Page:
These universities feel better restarting in person, even with COVID-19 raging

Vaccinations and increased testing of students provide an extra layer of protection as new semesters begin.

The University of Oregon and Oregon State University kicked off live classes on Monday, two in a long list of higher education institutions that have decided to open 2022 semesters in person rather than online.

Backed by existing health measures and increased protocols, many colleges and universities are nonetheless exercising extreme caution as the elusive omicron variant spreads across the nation. Despite the potential for transmission, leaders believe there is no substitute for face-to-face classroom and residential experiences.

“It became clear that a significant number of students did not thrive and have encountered educational and emotional setbacks caused by the pandemic, setbacks that could be reduced by limiting the isolation associated with remote learning,” said Patrick Phillips, Provost and Senior Vice President at the University of Oregon. “These negative outcomes occurred most frequently among our most vulnerable students. Especially for these students, in-person education is clearly a better alternative for student success.”

Phillips and UO officials say they are watching closely the decisions being made by other institutions who have gone remote, especially those operating in areas where omicron has increased by more than 250% or more in the past two weeks. That includes California, New York, Washington, DC, and Maryland, where universities have moved operations online or delayed starts.

In Oregon, case counts have risen more than 100%. But with vaccinations, testing and masking indoors, state universities feel a bit more comfortable trying the in-person option from the start. “The university’s decision is intentional,” Becky Johnson, Oregon State’s interim president, said. “We are mindful that classrooms, where students and faculty are vaccinated and wear face coverings, have not been a significant source of virus spread. We seek to minimize disruption of student learning and experience and provide predictability for our faculty and university operations.”

Oregon State is requiring booster shots and testing for all those living in residence halls to its campuses, and the University of Oregon has set a Jan. 31 deadline for booster compliance. UO will continue to monitor its cases closely, saying it is prepared for disruptions to occur, the potential for instructors to be “unable to teach in person due to illness or other reasons related to COVID-19 and the possibility of going remote.”

In announcing its plans to fully reopen and drawing on omicron studies that show it might be far less severe than the delta variant, Northeastern University Chancellor Ken Henderson said an institution’s approach now should be far different than in March 2020.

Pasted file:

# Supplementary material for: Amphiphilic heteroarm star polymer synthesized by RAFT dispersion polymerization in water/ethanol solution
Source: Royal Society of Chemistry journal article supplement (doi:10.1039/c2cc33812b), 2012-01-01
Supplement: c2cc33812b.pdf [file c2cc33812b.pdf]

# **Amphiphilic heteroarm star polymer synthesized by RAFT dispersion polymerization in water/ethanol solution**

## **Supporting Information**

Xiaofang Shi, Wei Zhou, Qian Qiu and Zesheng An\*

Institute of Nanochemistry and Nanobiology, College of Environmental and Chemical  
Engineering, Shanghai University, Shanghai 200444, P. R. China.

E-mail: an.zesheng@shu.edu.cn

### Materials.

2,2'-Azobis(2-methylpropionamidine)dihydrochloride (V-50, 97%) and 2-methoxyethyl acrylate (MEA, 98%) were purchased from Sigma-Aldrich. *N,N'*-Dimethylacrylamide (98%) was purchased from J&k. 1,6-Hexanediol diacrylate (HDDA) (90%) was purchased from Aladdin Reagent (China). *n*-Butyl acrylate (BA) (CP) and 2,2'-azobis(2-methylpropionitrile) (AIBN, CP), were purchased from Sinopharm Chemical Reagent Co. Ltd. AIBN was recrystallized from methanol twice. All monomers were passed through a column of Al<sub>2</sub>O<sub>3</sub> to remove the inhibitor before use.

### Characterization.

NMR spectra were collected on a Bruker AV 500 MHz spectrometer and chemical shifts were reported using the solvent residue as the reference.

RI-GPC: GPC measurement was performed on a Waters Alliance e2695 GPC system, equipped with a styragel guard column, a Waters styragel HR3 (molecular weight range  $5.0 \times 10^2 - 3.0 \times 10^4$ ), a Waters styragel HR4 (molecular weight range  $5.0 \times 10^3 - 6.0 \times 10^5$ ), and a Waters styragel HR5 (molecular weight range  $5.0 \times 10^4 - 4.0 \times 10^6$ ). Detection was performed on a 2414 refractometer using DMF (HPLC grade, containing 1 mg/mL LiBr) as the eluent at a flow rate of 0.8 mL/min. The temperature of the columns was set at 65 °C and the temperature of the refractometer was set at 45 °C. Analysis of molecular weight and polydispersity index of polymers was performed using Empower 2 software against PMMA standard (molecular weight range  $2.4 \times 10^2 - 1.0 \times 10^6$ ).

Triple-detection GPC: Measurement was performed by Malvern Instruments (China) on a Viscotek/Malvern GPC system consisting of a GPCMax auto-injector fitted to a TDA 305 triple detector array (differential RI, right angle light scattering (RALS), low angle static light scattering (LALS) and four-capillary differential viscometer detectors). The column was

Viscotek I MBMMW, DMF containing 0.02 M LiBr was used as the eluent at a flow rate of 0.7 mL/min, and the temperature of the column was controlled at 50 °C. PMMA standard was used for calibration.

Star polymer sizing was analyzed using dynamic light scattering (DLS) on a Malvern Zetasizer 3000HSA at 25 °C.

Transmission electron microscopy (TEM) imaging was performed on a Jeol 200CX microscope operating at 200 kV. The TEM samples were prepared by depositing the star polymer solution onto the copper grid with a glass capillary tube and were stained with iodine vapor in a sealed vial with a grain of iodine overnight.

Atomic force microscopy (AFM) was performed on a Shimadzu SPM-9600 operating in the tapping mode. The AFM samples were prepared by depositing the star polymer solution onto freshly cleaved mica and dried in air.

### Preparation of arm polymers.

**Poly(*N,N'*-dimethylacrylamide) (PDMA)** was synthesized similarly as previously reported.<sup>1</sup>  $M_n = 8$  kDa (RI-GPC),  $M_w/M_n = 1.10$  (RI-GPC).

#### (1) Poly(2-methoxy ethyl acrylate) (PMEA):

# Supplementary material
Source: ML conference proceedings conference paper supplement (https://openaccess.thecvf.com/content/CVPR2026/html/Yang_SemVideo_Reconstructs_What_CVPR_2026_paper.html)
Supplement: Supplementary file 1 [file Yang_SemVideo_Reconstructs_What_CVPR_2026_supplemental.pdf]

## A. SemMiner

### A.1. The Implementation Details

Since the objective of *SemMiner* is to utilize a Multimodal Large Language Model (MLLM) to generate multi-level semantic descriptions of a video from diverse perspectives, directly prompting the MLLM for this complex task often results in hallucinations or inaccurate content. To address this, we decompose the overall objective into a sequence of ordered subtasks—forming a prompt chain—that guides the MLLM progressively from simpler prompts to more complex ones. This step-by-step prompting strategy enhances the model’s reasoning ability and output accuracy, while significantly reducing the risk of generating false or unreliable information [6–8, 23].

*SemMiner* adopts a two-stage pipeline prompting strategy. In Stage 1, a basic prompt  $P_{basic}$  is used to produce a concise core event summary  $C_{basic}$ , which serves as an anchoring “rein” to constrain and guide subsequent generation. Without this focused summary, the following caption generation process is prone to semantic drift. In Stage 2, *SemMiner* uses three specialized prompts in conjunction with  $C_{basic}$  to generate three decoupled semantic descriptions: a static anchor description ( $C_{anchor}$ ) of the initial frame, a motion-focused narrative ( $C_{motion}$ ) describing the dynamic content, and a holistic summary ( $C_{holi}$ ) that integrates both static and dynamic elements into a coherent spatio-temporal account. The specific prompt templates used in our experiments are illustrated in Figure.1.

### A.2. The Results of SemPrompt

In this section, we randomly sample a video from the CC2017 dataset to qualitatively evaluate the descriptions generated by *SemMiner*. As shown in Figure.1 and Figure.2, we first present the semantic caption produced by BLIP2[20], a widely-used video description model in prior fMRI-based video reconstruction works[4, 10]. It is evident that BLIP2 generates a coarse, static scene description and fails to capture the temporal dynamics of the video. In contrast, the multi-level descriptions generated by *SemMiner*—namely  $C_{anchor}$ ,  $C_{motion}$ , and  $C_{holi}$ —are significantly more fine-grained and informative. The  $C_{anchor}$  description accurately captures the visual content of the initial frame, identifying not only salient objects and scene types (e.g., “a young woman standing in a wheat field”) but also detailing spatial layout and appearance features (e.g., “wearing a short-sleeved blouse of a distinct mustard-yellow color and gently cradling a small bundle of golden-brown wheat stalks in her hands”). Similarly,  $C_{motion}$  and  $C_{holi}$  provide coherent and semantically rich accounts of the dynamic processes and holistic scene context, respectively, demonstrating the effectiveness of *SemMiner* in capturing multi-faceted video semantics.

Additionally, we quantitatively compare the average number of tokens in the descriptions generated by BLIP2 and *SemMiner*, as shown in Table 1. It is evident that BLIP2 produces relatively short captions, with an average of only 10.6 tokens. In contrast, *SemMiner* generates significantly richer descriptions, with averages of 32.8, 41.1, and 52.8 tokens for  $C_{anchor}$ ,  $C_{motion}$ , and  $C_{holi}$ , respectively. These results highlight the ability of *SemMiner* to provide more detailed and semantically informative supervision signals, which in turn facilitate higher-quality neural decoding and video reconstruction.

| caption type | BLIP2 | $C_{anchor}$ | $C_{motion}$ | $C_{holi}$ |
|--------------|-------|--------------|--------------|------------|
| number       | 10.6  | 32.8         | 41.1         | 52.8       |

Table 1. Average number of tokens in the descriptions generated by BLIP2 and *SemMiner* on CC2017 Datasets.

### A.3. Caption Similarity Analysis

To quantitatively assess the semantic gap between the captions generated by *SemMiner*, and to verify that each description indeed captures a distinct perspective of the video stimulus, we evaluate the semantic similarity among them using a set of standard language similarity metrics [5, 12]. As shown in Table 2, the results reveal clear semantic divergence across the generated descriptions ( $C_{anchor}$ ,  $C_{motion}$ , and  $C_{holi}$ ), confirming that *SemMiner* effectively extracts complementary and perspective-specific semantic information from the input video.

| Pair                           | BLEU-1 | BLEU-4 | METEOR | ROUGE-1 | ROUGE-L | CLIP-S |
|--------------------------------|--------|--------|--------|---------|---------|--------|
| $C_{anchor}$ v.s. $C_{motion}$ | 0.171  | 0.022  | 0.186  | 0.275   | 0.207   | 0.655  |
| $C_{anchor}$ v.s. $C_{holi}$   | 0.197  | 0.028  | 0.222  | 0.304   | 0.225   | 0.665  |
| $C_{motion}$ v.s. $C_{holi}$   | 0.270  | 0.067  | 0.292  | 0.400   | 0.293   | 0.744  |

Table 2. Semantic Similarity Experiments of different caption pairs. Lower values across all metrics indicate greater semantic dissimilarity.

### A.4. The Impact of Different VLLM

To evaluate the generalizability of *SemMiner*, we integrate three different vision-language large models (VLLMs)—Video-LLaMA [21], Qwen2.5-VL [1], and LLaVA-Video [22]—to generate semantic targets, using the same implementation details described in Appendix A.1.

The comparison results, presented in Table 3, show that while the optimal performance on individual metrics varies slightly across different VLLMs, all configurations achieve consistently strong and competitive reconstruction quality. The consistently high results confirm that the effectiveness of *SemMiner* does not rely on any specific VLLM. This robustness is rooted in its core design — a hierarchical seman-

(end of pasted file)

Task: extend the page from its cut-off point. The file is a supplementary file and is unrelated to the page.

“As we move into this endemic phase of the pandemic, our job is to continue to control COVID effectively, not let COVID control us,” he said in a statement to the community.

Another institution in the Boston area, Tufts University, is also reopening in person, bucking the trend of many others in the Northeast. Tufts is requiring routine surveillance testing to go along with training modules for instructors to ensure they understand the new safety guidelines. It is mandating boosters on a campus that already has more than 90% of its population vaccinated, requiring masks indoors and limiting visitors. It also does not allow indoor dining, but instead has grab-and-go options for students.

Frequent testing and masking have become two of the best options for institutions to mitigate COVID-19 spread and are being utilized widely for those who have not gotten their doses. “We are testing weekly those who are not vaccinated, and we are continuing to require face masks to be worn indoors,” said Eric Barron, President of Penn State University, which is slated to start classes on Jan. 10. “With these measures in place, together with hospitalization data and what we are learning about omicron, we believe we can safely but carefully return to on-campus classes and activities as planned.”

In Florida, where colleges and universities have been prevented from installing vaccine mandates by Gov. Ron DeSantis and where case counts have risen more than 760%, private Nova Southeastern University is requiring masks of all students both indoors and outdoors on campus. Florida State University hasn’t gone that far, but new President Richard McCullough has set a number of expectations for students staff and faculty, including testing before the start of classes on Wednesday and vaccinations.

“Medical-grade face masks, such as N95 or KN95 masks, will be expected on campus,” he said. “Cloth masks are less effective against the highly transmissible variants such as delta and omicron.”

At a Monday press conference, DeSantis said colleges and universities in his state that go remote should refund 100% of tuition to students. Most institutions are following that lead and sticking with in-person reopening plans, but the University of Miami is not, going virtual when it begins on Jan. 18. It will then return to face-to-face learning on Jan. 31. Miami-Dade County is one of the nation’s COVID hotspots, registering more than 14,000 cases per day, outpaced only by New York City and Los Angeles. Nearby Broward County ranks fifth.

Chris Burt
Chris Burt
Chris is a reporter and associate editor for University Business and District Administration magazines, covering the entirety of higher education and K-12 schools. Prior to coming to LRP, Chris had a distinguished career as a multifaceted editor, designer and reporter for some of the top newspapers and media outlets in the country, including the Palm Beach Post, Sun-Sentinel, Albany Times-Union and The Boston Globe. He is a graduate of Northeastern University.

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